Art History 101

Orientalism – Quick Explanation

Magda Michalska 3 November 2022 min Read

19th-century Europeans were fascinated by the Near East and North Africa. Everything began roughly around the time of the Napoleonic invasion of Egypt when fantasies about the “other” served to justify the colonial expansions. As Napoleonic troops brought foreign objects as spoils, Europeans wanted to see more… Learn about Orientalism, a concept that was born at that time.

orientalism Antoine-Jean Gros, General Bonaparte Visiting the Pesthouse at Jaffa, 1804, The Louvre
Antoine-Jean Gros, General Bonaparte Visiting the Pesthouse at Jaffa, 1804, Louvre, Paris, France.

What Is Orientalism?

orientalism Eugene Delacroix, Reclining Odalisque or, Woman with a Parakeet, 1827, Musée des Beaux-Arts de Lyon, Lyon, France
Eugène Delacroix, Woman with a Parrot, 1827, Musée des Beaux-Arts de Lyon, Lyon, France.

The scholar Edward Said defined Orientalism in his famous book from 1978 called Orientalism as a

Western style for dominating, restructuring, and having authority over the Orient.

Edward Said, Orientalism, 1978.

Orient, that this the area of North Africa and Near East, served as a counter-place for the European collective self.

European culture gained in strength and identity by setting itself off against the Orient as a sort of surrogate and even underground self.

Edward Said, Orientalism, 1978.

Justifications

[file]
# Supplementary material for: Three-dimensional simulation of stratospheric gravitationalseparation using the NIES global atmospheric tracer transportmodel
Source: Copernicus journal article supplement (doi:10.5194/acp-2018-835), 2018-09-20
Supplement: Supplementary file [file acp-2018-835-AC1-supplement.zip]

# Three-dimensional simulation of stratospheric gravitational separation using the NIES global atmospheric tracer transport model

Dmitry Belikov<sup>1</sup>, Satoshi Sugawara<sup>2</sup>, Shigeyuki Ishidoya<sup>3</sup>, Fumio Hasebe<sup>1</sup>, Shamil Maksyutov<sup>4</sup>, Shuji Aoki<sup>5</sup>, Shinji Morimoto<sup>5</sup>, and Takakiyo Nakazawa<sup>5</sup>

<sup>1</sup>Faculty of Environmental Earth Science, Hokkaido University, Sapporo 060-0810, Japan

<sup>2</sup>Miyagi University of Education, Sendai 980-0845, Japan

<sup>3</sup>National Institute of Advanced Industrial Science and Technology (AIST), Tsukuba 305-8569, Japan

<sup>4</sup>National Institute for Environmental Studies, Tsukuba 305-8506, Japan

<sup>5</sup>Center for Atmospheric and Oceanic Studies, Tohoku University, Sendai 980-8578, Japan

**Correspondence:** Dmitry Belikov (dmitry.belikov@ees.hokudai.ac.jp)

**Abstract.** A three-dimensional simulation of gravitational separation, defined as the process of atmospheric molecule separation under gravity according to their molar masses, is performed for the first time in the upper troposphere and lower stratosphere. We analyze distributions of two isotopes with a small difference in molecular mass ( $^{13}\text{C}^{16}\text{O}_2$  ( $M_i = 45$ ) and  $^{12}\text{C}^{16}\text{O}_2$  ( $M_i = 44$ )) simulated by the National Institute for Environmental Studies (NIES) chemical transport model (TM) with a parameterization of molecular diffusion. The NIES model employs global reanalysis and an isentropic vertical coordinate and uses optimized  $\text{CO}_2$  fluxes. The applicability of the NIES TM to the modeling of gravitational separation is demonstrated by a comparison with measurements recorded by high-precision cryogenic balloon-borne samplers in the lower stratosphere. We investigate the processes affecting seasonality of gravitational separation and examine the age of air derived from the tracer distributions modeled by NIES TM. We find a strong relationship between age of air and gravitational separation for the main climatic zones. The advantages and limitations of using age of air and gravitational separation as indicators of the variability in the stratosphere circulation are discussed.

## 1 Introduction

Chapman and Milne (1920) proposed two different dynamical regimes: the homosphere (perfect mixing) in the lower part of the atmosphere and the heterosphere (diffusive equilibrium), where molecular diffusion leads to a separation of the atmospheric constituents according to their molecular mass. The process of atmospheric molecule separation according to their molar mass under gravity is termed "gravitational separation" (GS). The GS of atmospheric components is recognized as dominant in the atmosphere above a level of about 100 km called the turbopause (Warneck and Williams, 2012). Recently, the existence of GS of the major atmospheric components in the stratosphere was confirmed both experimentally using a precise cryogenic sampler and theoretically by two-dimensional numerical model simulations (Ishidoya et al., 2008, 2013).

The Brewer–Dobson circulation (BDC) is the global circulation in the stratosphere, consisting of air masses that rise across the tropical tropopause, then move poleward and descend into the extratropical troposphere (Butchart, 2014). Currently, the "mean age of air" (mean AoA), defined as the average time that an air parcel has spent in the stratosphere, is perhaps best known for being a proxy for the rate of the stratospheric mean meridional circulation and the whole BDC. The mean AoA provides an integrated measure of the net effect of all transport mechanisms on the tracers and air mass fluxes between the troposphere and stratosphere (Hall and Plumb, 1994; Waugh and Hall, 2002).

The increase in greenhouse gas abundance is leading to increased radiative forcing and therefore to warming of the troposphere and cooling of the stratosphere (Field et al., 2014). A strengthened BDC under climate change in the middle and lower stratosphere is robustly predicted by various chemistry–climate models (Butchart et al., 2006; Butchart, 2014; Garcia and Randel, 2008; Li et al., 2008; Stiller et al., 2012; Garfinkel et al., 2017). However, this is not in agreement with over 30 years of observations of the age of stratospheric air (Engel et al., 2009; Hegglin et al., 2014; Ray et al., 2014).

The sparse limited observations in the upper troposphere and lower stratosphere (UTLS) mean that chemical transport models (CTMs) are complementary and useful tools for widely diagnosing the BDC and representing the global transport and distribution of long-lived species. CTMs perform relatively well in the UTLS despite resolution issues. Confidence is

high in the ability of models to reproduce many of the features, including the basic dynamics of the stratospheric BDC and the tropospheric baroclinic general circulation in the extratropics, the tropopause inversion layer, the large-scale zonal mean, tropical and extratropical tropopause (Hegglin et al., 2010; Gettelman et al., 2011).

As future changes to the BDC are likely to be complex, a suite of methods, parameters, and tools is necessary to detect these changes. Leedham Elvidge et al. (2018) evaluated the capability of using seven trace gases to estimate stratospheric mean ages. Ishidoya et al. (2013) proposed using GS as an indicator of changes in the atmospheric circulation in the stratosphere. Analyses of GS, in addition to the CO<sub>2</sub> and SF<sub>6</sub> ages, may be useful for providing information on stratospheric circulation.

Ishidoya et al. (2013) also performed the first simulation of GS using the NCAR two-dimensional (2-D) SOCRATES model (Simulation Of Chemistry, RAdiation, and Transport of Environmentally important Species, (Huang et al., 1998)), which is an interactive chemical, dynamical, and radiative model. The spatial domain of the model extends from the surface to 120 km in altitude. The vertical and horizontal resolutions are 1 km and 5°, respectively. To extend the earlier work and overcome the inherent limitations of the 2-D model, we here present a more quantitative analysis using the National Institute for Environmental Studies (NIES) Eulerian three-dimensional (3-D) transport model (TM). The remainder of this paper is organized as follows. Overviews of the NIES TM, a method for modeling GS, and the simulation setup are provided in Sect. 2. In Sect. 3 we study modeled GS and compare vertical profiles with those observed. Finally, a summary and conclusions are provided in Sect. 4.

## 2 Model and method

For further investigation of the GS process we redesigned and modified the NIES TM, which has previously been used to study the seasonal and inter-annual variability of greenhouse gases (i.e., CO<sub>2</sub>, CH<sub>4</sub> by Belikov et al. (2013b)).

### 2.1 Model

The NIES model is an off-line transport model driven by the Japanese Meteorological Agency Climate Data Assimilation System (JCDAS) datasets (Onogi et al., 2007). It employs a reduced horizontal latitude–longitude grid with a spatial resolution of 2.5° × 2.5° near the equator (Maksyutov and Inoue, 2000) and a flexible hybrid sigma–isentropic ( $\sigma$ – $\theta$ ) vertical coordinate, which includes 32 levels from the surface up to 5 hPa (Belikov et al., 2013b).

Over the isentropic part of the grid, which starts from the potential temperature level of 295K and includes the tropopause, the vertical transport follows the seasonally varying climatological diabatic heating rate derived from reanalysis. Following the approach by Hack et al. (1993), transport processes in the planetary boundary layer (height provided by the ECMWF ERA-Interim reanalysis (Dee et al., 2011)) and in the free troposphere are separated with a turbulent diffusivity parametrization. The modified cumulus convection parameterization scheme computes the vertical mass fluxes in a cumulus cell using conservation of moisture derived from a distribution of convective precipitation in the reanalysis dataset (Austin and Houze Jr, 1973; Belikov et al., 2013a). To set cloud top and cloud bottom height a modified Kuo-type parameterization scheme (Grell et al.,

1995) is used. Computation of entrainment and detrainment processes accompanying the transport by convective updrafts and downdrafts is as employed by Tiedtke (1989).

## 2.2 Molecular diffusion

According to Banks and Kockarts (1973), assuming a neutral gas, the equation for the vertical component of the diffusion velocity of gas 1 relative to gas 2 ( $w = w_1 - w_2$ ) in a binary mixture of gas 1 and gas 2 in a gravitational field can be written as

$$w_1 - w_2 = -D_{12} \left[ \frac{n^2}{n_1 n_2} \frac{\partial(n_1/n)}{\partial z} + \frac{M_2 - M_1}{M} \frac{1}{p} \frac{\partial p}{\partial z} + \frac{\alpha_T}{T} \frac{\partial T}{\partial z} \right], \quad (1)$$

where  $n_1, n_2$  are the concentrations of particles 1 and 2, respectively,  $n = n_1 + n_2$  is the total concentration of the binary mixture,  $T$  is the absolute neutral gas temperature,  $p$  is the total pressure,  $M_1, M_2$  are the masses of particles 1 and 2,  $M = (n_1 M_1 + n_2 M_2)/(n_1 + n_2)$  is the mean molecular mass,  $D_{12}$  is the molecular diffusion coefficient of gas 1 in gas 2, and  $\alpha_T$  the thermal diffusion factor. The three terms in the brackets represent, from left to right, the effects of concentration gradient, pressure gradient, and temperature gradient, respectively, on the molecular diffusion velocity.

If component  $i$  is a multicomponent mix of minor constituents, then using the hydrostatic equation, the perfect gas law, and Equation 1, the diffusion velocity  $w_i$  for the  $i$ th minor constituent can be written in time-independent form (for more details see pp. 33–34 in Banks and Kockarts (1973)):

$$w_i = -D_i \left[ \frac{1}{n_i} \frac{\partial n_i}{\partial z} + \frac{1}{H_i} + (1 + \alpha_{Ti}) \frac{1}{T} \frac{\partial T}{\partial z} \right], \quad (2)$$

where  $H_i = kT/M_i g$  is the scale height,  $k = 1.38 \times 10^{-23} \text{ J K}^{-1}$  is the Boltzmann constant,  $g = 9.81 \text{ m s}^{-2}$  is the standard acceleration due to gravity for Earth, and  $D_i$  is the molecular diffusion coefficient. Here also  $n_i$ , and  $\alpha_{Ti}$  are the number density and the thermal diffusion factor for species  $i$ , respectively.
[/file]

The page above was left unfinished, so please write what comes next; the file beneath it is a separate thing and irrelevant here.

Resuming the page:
orientalism Jean-Léon Gérôme, The Snake Charmer, 1880, Sterling and Francine Clark Art Institute
Jean-Léon Gérôme, The Snake Charmer, 1880, Sterling and Francine Clark Art Institute, Williamstown, MA, USA.

To justify their imperialistic conquests, Europeans presented the Eastern people as idle, dissolute, chaotic and savage. The East was the home of all Western vices and suppressed needs, and painting helped to express it. This is why we have so many Orientalist scenes at baths or harems where the Western viewer could peep at what was behind the walls of the imagined Orient.

The Reality Effect

orientalism Anne-Louis Girodet, Revolt of Cairo, 1810, The Art Institute of Chicago
Anne-Louis Girodet, Revolt of Cairo, 1810, The Art Institute of Chicago, Chicago, IL, USA.

Most of the scenes presented by the artists were imagined as many of the artists did not even leave Europe! (But they still felt entitled to paint Orientalist works.) Others, like Jean-Léon Gérôme, went abroad but depicted places they did not see with their own eyes, such as baths, slave markets, or harems. To create an illusion of reality, the painters used insignificant details and highly realistic drawings which would make an impression of places that really existed.

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